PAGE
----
The White House's deletions, which were "overwhelmingly denounced" by scientists and environmental health experts, included "details on how many people might be adversely affected because of increased warming and the scientific basis for some of the CDC's analysis on what kinds of diseases might be spread in a warmer climate and rising sea levels." The cuts made by the White House included "the only statements casting the health risks from climate change as a problem, describing it variously as posing 'difficult challenges' and as 'a serious public health concern.'" At the time, Perino claimed that "the decision" was made "to focus that testimony on public health benefits" of climate change. "There are public health benefits to climate change," asserted Perino. But in his letter to Boxer, Burnett said that the reason for the cuts was to "keep options open" for the EPA to avoid making an endangerment finding for global warming pollution, which was required by a recent Supreme Court ruling. . .

It's apparent that the level of editing involved in Gerberding's testimony was out of the ordinary. In October, a CDC official told the press that while it was normal for testimony to be changed in a White House review, the changes made to Gerberding's testimony were particularly "heavy-handed." In an interview with CNN yesterday, Gerberding said that she "wasn't aware that there had been any edits" to her testimony until she "got to the hearing." Gerberding maintained that she did "the very best" she could to "answer the senators' questions honestly and openly." Cheney's spokeswoman, Lea Anne McBride, refused to comment on the allegations against Cheney's office, simply saying, "We don't comment on internal deliberations."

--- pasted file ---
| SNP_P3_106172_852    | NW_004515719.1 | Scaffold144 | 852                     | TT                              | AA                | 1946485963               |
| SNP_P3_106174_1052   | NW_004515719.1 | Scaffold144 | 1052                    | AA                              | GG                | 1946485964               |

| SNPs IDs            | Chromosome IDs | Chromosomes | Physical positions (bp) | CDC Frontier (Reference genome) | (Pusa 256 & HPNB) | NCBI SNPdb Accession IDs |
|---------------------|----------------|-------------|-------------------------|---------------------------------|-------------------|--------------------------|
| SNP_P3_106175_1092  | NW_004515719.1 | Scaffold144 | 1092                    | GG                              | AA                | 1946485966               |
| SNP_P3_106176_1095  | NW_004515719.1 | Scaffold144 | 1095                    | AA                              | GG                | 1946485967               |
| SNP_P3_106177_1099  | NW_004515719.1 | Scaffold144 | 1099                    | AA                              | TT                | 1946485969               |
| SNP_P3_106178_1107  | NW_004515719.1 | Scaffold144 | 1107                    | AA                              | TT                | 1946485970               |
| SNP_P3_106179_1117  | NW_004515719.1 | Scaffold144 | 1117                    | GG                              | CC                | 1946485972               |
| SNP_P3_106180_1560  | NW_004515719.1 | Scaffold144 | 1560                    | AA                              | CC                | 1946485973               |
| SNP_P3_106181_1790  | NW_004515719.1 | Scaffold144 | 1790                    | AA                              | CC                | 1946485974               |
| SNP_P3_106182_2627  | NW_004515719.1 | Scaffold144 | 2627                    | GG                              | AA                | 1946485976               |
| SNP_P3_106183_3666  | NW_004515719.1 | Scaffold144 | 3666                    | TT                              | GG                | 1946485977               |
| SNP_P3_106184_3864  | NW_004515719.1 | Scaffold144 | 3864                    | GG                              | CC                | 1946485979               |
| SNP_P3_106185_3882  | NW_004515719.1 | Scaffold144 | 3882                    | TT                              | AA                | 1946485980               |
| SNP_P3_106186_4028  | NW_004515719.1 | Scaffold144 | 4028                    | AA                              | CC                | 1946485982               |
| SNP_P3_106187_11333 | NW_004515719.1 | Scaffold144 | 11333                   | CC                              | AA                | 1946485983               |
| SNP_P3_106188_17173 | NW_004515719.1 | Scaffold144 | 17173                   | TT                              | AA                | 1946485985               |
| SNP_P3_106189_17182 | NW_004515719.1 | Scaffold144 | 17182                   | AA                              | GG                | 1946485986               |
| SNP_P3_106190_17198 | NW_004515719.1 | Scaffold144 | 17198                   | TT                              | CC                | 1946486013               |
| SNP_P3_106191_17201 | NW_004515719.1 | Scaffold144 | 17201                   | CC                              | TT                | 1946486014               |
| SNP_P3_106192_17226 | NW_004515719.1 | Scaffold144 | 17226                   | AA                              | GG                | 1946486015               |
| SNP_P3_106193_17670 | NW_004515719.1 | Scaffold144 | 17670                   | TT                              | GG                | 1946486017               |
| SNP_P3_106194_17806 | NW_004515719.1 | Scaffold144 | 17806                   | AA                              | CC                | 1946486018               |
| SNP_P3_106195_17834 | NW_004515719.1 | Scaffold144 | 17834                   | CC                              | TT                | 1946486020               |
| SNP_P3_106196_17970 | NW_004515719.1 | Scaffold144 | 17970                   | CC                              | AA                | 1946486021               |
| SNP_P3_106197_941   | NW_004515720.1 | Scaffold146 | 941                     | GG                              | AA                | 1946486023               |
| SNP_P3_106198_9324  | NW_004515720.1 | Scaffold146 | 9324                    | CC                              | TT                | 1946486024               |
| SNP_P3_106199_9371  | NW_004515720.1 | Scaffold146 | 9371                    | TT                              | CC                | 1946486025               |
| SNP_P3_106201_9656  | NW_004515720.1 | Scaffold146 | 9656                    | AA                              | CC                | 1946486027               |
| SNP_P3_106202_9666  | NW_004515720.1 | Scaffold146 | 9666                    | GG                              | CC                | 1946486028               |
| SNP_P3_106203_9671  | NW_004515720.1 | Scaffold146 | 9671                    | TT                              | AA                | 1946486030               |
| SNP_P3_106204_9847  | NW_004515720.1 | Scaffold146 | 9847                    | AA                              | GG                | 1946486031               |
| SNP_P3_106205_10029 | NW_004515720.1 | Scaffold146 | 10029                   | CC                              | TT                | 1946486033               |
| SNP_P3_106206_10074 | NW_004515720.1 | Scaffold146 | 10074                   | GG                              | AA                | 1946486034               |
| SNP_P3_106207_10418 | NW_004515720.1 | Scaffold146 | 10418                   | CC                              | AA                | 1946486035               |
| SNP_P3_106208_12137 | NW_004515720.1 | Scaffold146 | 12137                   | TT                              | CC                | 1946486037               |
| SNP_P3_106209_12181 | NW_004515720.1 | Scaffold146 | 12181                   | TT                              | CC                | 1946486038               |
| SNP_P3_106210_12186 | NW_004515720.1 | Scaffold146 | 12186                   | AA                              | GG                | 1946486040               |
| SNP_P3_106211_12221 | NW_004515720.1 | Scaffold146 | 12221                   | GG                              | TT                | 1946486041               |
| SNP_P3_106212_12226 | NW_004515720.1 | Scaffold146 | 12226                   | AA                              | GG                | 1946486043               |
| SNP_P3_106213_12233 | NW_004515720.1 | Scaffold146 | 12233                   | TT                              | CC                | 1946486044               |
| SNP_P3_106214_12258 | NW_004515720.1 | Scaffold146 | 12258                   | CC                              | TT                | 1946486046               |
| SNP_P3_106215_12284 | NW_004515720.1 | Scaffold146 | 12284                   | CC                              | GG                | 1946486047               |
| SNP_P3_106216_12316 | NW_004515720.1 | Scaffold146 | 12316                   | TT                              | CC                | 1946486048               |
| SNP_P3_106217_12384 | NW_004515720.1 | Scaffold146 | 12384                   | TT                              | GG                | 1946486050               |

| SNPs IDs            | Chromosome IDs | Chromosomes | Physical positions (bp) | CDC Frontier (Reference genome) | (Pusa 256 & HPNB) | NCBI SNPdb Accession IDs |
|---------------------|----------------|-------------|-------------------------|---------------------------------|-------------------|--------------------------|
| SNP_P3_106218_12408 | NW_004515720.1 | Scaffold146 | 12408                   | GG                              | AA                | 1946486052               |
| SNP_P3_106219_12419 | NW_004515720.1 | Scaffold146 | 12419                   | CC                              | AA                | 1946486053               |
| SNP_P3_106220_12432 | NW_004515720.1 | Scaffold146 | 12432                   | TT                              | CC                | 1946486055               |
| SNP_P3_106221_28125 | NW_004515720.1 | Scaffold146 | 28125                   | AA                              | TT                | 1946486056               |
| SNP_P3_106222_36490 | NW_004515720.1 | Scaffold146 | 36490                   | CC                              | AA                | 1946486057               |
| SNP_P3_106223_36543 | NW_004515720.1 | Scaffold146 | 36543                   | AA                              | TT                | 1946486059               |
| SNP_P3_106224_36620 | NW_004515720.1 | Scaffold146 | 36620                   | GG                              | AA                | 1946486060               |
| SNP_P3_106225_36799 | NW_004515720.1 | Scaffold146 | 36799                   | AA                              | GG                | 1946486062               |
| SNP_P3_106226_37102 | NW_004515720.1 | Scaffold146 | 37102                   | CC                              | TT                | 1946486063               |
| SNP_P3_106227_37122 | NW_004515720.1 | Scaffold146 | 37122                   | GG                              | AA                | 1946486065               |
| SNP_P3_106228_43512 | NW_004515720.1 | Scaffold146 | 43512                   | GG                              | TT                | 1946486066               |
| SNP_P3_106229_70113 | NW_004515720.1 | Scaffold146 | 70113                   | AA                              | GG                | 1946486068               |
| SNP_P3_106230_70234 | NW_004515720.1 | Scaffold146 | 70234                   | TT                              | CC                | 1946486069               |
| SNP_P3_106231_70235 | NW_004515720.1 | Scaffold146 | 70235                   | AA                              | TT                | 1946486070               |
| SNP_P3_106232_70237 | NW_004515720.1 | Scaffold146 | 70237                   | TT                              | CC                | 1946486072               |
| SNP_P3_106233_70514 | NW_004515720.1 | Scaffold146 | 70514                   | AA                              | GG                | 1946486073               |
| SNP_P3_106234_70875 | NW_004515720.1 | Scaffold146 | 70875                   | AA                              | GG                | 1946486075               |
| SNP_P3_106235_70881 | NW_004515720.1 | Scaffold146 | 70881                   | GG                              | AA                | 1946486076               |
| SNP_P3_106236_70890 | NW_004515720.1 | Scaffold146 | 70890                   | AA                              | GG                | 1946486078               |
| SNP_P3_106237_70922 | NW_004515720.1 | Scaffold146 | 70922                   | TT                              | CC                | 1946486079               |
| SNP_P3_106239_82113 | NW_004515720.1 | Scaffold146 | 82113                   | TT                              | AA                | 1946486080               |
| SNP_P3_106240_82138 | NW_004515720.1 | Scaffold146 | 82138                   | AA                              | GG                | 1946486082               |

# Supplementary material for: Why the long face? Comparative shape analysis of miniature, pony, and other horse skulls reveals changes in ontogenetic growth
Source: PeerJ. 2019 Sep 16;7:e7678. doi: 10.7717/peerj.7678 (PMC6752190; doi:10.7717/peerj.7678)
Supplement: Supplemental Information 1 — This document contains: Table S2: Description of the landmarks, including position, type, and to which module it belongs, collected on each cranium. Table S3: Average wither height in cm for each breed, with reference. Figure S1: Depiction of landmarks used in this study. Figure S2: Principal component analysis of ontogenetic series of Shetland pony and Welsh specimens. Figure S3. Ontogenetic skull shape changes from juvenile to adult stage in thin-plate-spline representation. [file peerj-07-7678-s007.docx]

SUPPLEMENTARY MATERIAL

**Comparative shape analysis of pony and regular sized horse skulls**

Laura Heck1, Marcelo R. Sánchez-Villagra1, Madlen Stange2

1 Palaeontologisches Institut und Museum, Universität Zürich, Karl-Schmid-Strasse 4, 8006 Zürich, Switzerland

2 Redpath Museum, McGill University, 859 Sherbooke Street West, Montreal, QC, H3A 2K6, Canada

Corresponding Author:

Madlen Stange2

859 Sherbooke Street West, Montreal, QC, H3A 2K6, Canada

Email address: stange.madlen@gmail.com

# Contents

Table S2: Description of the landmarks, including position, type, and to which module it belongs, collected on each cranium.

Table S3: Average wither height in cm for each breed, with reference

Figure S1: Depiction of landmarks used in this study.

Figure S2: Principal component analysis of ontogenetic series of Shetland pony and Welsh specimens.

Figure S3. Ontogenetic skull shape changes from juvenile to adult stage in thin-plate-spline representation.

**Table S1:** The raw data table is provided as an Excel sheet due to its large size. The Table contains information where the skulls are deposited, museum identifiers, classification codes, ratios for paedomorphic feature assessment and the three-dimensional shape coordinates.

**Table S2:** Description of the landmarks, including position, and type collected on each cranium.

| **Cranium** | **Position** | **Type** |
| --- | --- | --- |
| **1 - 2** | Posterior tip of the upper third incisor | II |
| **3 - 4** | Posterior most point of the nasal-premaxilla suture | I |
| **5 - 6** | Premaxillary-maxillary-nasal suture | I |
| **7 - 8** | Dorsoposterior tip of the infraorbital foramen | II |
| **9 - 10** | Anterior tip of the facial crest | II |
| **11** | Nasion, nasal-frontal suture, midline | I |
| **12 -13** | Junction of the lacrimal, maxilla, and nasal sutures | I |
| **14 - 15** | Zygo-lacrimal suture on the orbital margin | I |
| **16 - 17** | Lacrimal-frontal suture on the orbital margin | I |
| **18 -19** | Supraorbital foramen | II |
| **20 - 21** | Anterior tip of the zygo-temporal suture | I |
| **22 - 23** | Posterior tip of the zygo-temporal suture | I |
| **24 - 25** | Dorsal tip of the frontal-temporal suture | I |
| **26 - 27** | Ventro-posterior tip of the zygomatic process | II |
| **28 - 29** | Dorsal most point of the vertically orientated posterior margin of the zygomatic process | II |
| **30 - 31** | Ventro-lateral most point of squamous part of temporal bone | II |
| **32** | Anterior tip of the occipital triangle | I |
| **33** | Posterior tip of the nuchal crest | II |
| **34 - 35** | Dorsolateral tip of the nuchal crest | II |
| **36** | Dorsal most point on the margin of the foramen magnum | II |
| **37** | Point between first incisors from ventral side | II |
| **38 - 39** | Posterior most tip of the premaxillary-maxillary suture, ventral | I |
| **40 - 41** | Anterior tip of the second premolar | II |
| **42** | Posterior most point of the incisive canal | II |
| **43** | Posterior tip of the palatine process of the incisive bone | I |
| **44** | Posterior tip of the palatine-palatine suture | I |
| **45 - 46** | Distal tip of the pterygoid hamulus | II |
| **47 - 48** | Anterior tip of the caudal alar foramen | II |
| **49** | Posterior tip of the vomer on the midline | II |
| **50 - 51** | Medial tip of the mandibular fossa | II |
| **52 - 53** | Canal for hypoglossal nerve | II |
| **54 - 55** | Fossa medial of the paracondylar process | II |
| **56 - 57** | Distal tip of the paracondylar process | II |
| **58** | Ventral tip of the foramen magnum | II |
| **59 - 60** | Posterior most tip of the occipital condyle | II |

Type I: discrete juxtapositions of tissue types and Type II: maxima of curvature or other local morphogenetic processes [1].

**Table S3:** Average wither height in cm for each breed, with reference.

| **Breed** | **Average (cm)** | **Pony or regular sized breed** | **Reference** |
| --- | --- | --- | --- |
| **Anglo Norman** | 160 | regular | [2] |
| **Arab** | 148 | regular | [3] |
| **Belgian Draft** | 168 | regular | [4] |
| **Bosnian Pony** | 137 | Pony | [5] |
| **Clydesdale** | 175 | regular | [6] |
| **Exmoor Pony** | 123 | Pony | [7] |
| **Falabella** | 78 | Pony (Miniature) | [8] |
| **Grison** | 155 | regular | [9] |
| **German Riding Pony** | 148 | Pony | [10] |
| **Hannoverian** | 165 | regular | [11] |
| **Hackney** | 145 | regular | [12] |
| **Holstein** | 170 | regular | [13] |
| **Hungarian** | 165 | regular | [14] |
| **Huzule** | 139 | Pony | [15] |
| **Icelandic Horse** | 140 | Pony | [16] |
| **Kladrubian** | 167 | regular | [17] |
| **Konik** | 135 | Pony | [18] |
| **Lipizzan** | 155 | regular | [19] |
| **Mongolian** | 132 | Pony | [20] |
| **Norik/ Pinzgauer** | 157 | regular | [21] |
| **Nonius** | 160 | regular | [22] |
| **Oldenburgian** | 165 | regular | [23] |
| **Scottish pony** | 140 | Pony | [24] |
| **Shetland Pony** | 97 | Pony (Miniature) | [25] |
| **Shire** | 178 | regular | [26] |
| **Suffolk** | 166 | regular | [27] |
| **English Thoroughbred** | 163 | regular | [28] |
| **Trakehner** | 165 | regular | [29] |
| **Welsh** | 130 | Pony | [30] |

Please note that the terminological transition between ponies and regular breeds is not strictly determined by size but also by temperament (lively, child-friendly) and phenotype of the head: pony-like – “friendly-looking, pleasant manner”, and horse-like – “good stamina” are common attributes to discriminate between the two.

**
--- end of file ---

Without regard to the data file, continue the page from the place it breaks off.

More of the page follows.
In his letter to Boxer, Burnett revealed that Cheney's office had also objected in January to congressional testimony by EPA administrator Stephen Johnson that "greenhouse gas emissions harm the environment." According to Burnett, an official in Cheney's office "called to tell me that his office wanted the language changed." Such actions are not unusual for Cheney. Since taking office, he has taken "a decisive role to undercut long-standing environmental regulations for the benefit of business" while undermining any real action to combat climate change. In December, after Johnson "answered the pleas of industry executives" by announcing his decision to deny California the right to regulate greenhouse gases from vehicles, it was revealed that executives from the auto industry had appealed directly to Cheney. EPA staffers told the Los Angeles Times that Johnson "made his decision" only after Cheney met with the executives. Since February 2007, Cheney has quietly maneuvered to exert increased control over environmental policy by federal agencies -- particularly the regulations on greenhouse gas emissions.

No comments: